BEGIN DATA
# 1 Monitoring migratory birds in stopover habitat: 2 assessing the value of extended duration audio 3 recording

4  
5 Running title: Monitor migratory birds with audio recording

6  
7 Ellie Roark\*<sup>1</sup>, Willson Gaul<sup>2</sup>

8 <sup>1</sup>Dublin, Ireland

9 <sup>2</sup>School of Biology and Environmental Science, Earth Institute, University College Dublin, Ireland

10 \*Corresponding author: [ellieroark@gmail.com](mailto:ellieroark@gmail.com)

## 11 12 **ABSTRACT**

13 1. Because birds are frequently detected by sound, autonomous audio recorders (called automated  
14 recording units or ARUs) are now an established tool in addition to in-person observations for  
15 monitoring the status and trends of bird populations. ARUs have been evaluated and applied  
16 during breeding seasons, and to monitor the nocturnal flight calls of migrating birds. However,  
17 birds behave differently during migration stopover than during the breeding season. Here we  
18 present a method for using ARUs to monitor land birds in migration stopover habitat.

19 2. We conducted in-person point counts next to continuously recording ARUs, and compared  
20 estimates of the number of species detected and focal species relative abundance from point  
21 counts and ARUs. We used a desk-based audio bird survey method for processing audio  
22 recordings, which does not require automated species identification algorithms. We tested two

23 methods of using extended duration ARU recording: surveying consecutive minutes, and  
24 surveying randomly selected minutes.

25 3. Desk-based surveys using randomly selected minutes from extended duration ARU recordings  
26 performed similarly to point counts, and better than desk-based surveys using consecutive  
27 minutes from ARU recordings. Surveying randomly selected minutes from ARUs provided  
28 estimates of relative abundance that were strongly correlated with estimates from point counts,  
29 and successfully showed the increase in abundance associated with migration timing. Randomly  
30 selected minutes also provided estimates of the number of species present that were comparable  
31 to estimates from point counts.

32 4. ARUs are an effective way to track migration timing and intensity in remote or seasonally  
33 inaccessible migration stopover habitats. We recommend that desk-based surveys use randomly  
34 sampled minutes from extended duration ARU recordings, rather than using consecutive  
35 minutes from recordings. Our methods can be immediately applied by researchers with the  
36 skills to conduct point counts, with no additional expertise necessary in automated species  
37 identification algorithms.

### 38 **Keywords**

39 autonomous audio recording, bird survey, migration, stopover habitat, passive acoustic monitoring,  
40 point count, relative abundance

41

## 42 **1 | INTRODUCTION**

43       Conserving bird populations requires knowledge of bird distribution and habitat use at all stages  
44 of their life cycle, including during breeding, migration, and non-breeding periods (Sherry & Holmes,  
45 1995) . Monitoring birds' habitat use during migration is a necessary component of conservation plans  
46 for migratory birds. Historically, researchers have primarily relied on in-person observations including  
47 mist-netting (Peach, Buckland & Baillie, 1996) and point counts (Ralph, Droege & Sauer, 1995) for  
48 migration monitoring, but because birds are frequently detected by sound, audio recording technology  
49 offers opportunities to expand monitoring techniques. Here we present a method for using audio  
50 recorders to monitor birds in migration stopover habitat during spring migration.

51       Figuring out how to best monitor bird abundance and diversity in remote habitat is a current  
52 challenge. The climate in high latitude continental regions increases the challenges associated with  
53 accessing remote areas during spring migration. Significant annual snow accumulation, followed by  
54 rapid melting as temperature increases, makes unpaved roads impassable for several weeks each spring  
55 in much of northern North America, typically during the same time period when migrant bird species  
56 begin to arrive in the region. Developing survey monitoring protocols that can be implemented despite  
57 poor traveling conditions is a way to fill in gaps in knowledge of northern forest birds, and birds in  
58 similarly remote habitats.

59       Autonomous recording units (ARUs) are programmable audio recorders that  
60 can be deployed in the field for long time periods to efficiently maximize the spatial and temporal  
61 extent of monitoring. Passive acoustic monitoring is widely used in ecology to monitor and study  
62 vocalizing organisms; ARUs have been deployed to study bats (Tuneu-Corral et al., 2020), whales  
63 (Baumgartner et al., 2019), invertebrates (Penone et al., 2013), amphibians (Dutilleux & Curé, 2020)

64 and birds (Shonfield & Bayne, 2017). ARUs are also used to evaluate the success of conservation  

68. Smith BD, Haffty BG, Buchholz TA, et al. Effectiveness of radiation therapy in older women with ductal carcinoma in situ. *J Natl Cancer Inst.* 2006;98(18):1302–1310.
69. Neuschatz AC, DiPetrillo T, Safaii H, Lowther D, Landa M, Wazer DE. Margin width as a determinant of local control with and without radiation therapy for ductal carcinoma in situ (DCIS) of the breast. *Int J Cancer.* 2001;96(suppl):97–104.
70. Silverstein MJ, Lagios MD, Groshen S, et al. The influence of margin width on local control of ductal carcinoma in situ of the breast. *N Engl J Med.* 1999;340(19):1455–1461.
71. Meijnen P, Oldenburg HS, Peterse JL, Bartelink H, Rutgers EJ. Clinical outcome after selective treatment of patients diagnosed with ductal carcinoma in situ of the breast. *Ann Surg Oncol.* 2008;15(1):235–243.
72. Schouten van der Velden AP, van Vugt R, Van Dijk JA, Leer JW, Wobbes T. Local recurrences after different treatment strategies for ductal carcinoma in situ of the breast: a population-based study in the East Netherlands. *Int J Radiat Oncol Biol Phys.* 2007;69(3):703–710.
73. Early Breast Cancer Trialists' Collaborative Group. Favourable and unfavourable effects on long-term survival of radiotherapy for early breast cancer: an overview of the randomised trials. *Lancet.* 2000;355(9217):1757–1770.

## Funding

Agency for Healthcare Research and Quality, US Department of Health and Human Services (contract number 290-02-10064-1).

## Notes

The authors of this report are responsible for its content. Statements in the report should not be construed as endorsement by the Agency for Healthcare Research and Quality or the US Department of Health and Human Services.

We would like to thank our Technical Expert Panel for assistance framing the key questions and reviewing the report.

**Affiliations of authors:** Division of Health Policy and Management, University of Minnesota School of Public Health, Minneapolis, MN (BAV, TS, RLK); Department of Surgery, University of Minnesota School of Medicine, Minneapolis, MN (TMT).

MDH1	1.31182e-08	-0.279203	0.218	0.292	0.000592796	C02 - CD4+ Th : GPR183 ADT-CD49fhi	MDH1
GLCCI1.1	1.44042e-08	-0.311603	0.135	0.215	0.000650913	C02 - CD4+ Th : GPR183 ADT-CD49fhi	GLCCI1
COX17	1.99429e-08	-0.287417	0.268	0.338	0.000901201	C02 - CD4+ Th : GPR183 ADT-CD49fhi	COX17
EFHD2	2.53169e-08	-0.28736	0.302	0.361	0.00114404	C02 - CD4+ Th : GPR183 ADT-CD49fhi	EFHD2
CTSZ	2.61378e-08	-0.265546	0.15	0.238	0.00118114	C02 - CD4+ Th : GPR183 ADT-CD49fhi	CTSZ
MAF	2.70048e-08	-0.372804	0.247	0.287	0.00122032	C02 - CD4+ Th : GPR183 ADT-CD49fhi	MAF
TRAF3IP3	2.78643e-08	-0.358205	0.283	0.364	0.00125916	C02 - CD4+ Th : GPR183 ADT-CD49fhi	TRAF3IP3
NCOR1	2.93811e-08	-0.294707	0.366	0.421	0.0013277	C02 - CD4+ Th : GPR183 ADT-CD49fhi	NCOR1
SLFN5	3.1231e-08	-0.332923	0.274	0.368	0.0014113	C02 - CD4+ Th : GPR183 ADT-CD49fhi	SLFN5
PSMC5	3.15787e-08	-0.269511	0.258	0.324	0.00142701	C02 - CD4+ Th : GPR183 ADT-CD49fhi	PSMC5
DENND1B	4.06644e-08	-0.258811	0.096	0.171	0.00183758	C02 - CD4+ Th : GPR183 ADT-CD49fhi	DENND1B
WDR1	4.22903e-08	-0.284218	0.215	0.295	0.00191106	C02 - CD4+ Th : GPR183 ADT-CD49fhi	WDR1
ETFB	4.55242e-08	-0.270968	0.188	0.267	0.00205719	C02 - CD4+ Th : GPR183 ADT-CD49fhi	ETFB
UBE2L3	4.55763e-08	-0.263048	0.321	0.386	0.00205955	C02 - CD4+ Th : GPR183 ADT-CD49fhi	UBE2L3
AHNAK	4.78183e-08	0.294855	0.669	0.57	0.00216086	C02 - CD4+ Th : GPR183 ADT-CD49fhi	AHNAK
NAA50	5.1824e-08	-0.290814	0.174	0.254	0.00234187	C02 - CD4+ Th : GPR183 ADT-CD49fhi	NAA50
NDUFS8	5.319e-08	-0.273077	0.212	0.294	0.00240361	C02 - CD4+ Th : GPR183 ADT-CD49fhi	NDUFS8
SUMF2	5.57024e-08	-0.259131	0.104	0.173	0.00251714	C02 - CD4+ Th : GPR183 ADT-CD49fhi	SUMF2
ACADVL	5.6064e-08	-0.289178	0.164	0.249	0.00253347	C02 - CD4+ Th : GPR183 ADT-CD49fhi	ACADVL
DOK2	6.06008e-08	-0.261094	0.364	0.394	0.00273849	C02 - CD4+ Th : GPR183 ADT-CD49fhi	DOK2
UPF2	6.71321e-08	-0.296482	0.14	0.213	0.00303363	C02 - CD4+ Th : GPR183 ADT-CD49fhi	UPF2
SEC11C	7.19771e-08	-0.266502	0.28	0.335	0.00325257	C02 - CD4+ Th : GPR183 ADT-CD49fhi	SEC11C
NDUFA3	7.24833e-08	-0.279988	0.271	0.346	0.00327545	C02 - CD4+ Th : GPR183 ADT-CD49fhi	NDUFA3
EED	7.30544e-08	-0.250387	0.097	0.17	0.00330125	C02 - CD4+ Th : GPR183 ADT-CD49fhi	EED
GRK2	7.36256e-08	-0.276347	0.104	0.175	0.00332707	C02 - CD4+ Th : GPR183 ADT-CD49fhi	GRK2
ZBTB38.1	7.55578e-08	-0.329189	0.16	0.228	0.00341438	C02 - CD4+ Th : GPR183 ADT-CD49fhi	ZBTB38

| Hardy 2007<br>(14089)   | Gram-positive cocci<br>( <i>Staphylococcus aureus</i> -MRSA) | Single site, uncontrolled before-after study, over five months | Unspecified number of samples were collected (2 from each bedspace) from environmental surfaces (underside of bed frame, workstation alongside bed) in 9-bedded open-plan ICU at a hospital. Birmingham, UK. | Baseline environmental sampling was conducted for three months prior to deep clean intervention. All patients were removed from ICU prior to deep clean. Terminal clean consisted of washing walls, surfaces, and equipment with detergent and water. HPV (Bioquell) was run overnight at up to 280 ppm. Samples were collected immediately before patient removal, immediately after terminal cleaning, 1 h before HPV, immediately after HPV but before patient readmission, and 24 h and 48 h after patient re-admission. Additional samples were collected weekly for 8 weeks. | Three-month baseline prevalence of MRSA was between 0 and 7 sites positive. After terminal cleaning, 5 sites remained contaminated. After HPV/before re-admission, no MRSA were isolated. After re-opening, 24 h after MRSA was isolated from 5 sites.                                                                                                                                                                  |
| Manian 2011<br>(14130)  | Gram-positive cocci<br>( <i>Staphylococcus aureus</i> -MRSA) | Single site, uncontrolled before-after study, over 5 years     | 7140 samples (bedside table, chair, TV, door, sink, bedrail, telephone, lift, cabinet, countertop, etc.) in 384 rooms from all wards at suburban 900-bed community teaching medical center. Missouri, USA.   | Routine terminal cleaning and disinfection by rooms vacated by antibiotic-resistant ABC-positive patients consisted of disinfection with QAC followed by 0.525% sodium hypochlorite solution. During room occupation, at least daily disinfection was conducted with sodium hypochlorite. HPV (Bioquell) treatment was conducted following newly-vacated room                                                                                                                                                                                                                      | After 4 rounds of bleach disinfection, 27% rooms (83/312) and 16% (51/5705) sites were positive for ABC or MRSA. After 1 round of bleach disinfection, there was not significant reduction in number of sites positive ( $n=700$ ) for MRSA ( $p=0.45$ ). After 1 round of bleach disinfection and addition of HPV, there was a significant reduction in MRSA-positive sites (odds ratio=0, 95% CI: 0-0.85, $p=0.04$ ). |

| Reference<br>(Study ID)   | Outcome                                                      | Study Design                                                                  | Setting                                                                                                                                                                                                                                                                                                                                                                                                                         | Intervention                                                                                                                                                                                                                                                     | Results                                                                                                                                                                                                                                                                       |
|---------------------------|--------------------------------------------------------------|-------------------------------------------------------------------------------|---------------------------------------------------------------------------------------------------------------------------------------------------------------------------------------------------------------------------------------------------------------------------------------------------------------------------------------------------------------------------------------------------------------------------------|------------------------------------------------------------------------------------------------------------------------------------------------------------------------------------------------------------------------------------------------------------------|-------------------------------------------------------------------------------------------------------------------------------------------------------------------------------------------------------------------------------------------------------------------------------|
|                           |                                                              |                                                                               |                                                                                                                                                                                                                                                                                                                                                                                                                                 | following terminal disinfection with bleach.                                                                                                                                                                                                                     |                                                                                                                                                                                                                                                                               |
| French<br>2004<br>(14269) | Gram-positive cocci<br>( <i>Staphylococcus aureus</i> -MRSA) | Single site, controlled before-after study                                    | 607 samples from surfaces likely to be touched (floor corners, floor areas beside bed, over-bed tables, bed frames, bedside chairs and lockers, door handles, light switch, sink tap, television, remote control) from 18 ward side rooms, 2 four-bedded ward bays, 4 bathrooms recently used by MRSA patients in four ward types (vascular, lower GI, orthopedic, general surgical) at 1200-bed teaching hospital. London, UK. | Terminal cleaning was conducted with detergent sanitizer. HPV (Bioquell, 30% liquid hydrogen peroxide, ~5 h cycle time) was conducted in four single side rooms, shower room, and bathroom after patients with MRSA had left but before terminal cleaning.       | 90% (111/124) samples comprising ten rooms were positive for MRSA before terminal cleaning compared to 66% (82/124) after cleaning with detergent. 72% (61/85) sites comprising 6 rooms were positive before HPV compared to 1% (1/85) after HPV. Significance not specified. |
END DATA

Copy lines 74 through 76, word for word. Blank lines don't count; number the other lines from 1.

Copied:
MDH1	1.31182e-08	-0.279203	0.218	0.292	0.000592796	C02 - CD4+ Th : GPR183 ADT-CD49fhi	MDH1
GLCCI1.1	1.44042e-08	-0.311603	0.135	0.215	0.000650913	C02 - CD4+ Th : GPR183 ADT-CD49fhi	GLCCI1
COX17	1.99429e-08	-0.287417	0.268	0.338	0.000901201	C02 - CD4+ Th : GPR183 ADT-CD49fhi	COX17